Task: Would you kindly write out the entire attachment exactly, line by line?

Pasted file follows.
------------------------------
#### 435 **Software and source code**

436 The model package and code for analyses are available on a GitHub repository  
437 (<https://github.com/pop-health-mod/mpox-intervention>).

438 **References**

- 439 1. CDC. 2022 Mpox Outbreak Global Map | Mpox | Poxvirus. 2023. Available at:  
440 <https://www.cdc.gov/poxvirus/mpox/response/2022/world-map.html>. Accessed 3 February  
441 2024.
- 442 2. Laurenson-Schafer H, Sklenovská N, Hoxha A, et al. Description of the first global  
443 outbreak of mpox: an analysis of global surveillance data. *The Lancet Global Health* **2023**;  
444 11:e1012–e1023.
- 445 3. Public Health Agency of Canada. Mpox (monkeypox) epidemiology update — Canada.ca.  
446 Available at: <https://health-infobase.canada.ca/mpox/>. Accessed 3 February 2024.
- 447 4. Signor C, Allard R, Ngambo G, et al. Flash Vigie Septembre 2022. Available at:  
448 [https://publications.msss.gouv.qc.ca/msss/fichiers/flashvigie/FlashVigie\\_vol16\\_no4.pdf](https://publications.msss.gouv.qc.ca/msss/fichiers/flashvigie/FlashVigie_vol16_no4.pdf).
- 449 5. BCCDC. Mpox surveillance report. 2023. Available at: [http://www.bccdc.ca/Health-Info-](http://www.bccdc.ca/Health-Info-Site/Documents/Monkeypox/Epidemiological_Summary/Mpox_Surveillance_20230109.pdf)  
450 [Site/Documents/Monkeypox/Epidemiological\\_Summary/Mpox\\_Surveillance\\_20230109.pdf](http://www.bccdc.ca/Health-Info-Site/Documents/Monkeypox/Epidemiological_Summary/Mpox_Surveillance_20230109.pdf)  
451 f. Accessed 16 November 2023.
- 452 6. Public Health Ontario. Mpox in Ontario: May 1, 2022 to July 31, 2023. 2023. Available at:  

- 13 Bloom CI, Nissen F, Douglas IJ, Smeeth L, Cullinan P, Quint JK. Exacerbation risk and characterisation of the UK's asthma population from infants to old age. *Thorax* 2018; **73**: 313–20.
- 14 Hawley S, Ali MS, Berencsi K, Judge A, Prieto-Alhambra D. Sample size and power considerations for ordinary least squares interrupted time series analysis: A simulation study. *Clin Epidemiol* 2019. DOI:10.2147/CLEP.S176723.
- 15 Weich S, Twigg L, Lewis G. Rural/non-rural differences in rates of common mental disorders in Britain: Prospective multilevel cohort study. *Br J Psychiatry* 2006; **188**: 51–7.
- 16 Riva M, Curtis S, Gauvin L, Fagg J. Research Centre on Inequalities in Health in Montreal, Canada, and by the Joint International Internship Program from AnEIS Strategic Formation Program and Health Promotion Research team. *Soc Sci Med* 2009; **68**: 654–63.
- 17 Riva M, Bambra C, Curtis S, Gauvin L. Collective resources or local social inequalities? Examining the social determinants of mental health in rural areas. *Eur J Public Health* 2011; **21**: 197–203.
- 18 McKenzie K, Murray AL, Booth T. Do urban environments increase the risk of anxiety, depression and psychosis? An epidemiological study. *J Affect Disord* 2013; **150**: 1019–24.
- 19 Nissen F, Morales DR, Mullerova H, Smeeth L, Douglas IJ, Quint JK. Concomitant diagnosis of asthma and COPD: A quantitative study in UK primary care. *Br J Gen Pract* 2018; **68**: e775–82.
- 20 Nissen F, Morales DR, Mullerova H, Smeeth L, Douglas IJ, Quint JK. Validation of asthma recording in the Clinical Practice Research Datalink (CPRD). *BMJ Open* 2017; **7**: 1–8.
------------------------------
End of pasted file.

#### 435 **Software and source code**

436 The model package and code for analyses are available on a GitHub repository  
437 (<https://github.com/pop-health-mod/mpox-intervention>).

438 **References**

- 439 1. CDC. 2022 Mpox Outbreak Global Map | Mpox | Poxvirus. 2023. Available at:  
440 <https://www.cdc.gov/poxvirus/mpox/response/2022/world-map.html>. Accessed 3 February  
441 2024.
- 442 2. Laurenson-Schafer H, Sklenovská N, Hoxha A, et al. Description of the first global  
443 outbreak of mpox: an analysis of global surveillance data. *The Lancet Global Health* **2023**;  
444 11:e1012–e1023.
- 445 3. Public Health Agency of Canada. Mpox (monkeypox) epidemiology update — Canada.ca.  
446 Available at: <https://health-infobase.canada.ca/mpox/>. Accessed 3 February 2024.
- 447 4. Signor C, Allard R, Ngambo G, et al. Flash Vigie Septembre 2022. Available at:  
448 [https://publications.msss.gouv.qc.ca/msss/fichiers/flashvigie/FlashVigie\\_vol16\\_no4.pdf](https://publications.msss.gouv.qc.ca/msss/fichiers/flashvigie/FlashVigie_vol16_no4.pdf).
- 449 5. BCCDC. Mpox surveillance report. 2023. Available at: [http://www.bccdc.ca/Health-Info-](http://www.bccdc.ca/Health-Info-Site/Documents/Monkeypox/Epidemiological_Summary/Mpox_Surveillance_20230109.pdf)  
450 [Site/Documents/Monkeypox/Epidemiological\\_Summary/Mpox\\_Surveillance\\_20230109.pdf](http://www.bccdc.ca/Health-Info-Site/Documents/Monkeypox/Epidemiological_Summary/Mpox_Surveillance_20230109.pdf)  
451 f. Accessed 16 November 2023.
- 452 6. Public Health Ontario. Mpox in Ontario: May 1, 2022 to July 31, 2023. 2023. Available at:  

- 13 Bloom CI, Nissen F, Douglas IJ, Smeeth L, Cullinan P, Quint JK. Exacerbation risk and characterisation of the UK's asthma population from infants to old age. *Thorax* 2018; **73**: 313–20.
- 14 Hawley S, Ali MS, Berencsi K, Judge A, Prieto-Alhambra D. Sample size and power considerations for ordinary least squares interrupted time series analysis: A simulation study. *Clin Epidemiol* 2019. DOI:10.2147/CLEP.S176723.
- 15 Weich S, Twigg L, Lewis G. Rural/non-rural differences in rates of common mental disorders in Britain: Prospective multilevel cohort study. *Br J Psychiatry* 2006; **188**: 51–7.
- 16 Riva M, Curtis S, Gauvin L, Fagg J. Research Centre on Inequalities in Health in Montreal, Canada, and by the Joint International Internship Program from AnEIS Strategic Formation Program and Health Promotion Research team. *Soc Sci Med* 2009; **68**: 654–63.
- 17 Riva M, Bambra C, Curtis S, Gauvin L. Collective resources or local social inequalities? Examining the social determinants of mental health in rural areas. *Eur J Public Health* 2011; **21**: 197–203.
- 18 McKenzie K, Murray AL, Booth T. Do urban environments increase the risk of anxiety, depression and psychosis? An epidemiological study. *J Affect Disord* 2013; **150**: 1019–24.
- 19 Nissen F, Morales DR, Mullerova H, Smeeth L, Douglas IJ, Quint JK. Concomitant diagnosis of asthma and COPD: A quantitative study in UK primary care. *Br J Gen Pract* 2018; **68**: e775–82.
- 20 Nissen F, Morales DR, Mullerova H, Smeeth L, Douglas IJ, Quint JK. Validation of asthma recording in the Clinical Practice Research Datalink (CPRD). *BMJ Open* 2017; **7**: 1–8.